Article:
Referring to FIG. 2, a suitable strip of foil 54 is in intimate contact with the inside surface of case side wall 55. It extends along substantially the entire length of side wall 55 adjacent freezer liner 16, or at least along substantially the entire length of the area or portion subject to condensation. The front portion of strip 54 is sandwiched between side wall 55 and stiffening member 19a. The sheet 54 is sufficiently wide to project at least about one inch onto the adjacent area of wall 55 that is above the dew point temperature of the surrounding air during normal operation of the refrigerator. It will be understood that similar strips of metal foil can be secured to the top and other side of the case 14 if needed to prevent condensation in those areas. Such strips have not been illustrated for the sake of simplicity.
Referring now to FIG. 3, it will be seen that a suitable sheet or strip of metal foil 57 is in intimate contact with the inner surface of door 28. It overlies the peripheral wall 32 and projects outward onto the front wall 31 sufficiently that it is intimate contact with a substantial portion of wall 31 having a temperature above the dew point temperature of the surrounding air. Preferably strip 57 extends along substantially the entire length of wall 32, or at least substantially the entire length of the portion subject to condensation. Preferably the strip projects onto front wall 31 at least about one inch into the area of wall 31 above the dew point temperature of the surrounding air.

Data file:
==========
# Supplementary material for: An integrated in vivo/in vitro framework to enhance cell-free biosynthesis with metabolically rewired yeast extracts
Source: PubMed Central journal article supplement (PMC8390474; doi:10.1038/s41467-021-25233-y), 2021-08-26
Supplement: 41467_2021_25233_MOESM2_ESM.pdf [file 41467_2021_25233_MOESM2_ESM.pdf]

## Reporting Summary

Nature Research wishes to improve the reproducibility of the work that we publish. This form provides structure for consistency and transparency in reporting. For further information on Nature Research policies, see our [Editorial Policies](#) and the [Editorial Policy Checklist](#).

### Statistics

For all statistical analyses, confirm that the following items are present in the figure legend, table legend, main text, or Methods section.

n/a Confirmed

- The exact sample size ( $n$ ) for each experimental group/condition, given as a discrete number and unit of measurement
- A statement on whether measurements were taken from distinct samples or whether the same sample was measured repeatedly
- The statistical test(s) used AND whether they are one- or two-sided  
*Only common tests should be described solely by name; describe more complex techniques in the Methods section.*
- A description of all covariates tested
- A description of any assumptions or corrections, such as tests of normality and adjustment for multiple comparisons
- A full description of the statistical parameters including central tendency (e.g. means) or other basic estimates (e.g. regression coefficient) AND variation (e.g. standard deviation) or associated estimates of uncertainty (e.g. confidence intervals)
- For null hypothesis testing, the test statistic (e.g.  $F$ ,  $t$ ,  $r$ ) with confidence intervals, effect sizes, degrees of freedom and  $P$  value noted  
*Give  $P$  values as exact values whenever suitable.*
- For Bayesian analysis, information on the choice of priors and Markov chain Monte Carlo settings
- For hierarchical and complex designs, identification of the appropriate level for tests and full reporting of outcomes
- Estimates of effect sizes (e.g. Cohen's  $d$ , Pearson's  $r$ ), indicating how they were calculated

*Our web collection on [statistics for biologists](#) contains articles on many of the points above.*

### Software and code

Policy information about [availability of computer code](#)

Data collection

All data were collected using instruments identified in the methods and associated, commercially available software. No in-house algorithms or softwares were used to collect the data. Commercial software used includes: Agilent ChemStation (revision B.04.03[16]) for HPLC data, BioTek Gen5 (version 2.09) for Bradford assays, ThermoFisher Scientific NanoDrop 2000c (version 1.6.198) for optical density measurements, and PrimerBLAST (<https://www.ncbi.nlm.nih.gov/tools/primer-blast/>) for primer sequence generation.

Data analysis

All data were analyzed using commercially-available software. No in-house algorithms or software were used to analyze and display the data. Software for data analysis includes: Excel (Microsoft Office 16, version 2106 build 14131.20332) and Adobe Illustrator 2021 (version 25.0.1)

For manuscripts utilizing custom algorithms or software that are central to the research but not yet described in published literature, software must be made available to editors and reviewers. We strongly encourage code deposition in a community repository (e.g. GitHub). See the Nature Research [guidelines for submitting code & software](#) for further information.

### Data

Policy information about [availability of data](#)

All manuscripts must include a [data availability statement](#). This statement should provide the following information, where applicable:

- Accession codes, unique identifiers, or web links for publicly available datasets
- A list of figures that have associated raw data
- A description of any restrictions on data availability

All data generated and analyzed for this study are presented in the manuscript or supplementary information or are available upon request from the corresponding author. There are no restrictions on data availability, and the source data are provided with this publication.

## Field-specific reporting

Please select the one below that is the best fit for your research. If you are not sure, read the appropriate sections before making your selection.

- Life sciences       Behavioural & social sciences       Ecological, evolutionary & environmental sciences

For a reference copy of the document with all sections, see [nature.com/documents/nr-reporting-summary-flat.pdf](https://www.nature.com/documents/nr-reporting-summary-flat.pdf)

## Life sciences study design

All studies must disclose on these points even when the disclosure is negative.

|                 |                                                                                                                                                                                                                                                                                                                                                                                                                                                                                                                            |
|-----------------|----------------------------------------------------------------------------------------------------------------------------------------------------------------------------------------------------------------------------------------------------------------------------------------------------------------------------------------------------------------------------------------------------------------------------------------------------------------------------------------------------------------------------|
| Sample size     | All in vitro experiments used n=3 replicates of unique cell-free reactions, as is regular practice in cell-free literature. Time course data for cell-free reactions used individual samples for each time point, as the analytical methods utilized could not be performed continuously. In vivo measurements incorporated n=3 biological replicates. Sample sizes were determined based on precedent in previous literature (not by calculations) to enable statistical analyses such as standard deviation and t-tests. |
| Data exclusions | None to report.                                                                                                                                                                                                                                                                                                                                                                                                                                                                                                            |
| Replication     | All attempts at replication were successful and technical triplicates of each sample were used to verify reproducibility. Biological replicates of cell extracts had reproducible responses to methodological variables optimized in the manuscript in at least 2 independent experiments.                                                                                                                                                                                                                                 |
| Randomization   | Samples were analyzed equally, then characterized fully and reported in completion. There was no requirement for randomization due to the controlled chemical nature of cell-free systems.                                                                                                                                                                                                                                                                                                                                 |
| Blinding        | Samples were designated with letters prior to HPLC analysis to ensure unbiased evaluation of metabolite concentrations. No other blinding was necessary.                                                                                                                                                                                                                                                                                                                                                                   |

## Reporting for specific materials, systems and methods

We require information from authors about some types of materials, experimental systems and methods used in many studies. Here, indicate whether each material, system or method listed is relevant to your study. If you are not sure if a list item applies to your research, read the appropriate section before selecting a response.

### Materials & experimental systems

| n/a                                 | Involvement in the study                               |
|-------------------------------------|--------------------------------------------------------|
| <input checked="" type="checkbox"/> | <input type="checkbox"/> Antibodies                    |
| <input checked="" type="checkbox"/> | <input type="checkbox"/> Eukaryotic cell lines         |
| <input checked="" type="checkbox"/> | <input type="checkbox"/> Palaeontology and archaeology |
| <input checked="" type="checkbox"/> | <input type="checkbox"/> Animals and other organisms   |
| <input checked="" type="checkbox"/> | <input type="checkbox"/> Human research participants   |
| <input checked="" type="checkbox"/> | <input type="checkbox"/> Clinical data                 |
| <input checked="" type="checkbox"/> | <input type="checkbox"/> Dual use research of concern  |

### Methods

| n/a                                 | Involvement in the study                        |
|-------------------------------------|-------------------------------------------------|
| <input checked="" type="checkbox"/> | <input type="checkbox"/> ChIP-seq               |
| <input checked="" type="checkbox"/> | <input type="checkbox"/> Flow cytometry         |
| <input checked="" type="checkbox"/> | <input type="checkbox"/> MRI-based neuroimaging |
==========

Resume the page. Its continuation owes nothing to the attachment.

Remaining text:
A similar sheet or strip of metal foil 58 is in intimate contact with the inner surface of door 29. It overlies the peripheral wall 42 and projects outward onto the front wall 41 sufficiently that it is intimate contact with a substantial portion of wall 41 having a temperature above the dew point temperature of the surrounding air. Preferably strip 58 extends along substantially the entire length of wall 42, or at least substantially the entire length of the portion subject to condensation. Preferably the strip projects onto front wall 41 at least about one inch into the area of wall 41 above the dew point temperature of the surrounding air.